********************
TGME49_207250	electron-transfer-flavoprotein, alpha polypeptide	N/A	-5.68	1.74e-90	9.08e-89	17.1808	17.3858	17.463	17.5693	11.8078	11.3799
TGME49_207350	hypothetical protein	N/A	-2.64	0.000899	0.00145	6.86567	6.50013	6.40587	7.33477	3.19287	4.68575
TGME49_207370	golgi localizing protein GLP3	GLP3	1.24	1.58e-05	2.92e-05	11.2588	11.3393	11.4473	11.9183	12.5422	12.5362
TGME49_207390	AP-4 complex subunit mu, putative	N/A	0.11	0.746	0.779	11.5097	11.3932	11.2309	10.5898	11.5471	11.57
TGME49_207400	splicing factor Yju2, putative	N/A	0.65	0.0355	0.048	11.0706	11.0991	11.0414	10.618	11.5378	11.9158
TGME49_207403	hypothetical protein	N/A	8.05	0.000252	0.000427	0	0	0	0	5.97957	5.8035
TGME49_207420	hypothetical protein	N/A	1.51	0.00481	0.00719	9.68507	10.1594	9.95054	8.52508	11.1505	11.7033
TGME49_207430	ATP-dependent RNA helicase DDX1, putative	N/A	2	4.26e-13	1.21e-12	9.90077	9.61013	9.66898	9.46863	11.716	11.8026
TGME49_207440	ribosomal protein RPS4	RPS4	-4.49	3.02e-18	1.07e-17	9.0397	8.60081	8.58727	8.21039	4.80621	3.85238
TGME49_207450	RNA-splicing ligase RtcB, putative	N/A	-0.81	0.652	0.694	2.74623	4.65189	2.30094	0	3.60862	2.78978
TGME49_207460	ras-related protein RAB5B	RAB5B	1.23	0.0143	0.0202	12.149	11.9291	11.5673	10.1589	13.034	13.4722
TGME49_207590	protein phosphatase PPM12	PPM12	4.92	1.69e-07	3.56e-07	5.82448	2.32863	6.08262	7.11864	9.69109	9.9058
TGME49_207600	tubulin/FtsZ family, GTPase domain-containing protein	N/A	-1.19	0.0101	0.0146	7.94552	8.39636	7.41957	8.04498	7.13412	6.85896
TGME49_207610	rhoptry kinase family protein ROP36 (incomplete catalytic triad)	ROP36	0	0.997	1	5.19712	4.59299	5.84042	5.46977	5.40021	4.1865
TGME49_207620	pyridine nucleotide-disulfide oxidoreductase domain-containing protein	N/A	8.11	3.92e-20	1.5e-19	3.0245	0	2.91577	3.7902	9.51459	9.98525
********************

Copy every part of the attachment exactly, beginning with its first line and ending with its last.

TGME49_207250	electron-transfer-flavoprotein, alpha polypeptide	N/A	-5.68	1.74e-90	9.08e-89	17.1808	17.3858	17.463	17.5693	11.8078	11.3799
TGME49_207350	hypothetical protein	N/A	-2.64	0.000899	0.00145	6.86567	6.50013	6.40587	7.33477	3.19287	4.68575
TGME49_207370	golgi localizing protein GLP3	GLP3	1.24	1.58e-05	2.92e-05	11.2588	11.3393	11.4473	11.9183	12.5422	12.5362
TGME49_207390	AP-4 complex subunit mu, putative	N/A	0.11	0.746	0.779	11.5097	11.3932	11.2309	10.5898	11.5471	11.57
TGME49_207400	splicing factor Yju2, putative	N/A	0.65	0.0355	0.048	11.0706	11.0991	11.0414	10.618	11.5378	11.9158
TGME49_207403	hypothetical protein	N/A	8.05	0.000252	0.000427	0	0	0	0	5.97957	5.8035
TGME49_207420	hypothetical protein	N/A	1.51	0.00481	0.00719	9.68507	10.1594	9.95054	8.52508	11.1505	11.7033
TGME49_207430	ATP-dependent RNA helicase DDX1, putative	N/A	2	4.26e-13	1.21e-12	9.90077	9.61013	9.66898	9.46863	11.716	11.8026
TGME49_207440	ribosomal protein RPS4	RPS4	-4.49	3.02e-18	1.07e-17	9.0397	8.60081	8.58727	8.21039	4.80621	3.85238
TGME49_207450	RNA-splicing ligase RtcB, putative	N/A	-0.81	0.652	0.694	2.74623	4.65189	2.30094	0	3.60862	2.78978
TGME49_207460	ras-related protein RAB5B	RAB5B	1.23	0.0143	0.0202	12.149	11.9291	11.5673	10.1589	13.034	13.4722
TGME49_207590	protein phosphatase PPM12	PPM12	4.92	1.69e-07	3.56e-07	5.82448	2.32863	6.08262	7.11864	9.69109	9.9058
TGME49_207600	tubulin/FtsZ family, GTPase domain-containing protein	N/A	-1.19	0.0101	0.0146	7.94552	8.39636	7.41957	8.04498	7.13412	6.85896
TGME49_207610	rhoptry kinase family protein ROP36 (incomplete catalytic triad)	ROP36	0	0.997	1	5.19712	4.59299	5.84042	5.46977	5.40021	4.1865
TGME49_207620	pyridine nucleotide-disulfide oxidoreductase domain-containing protein	N/A	8.11	3.92e-20	1.5e-19	3.0245	0	2.91577	3.7902	9.51459	9.98525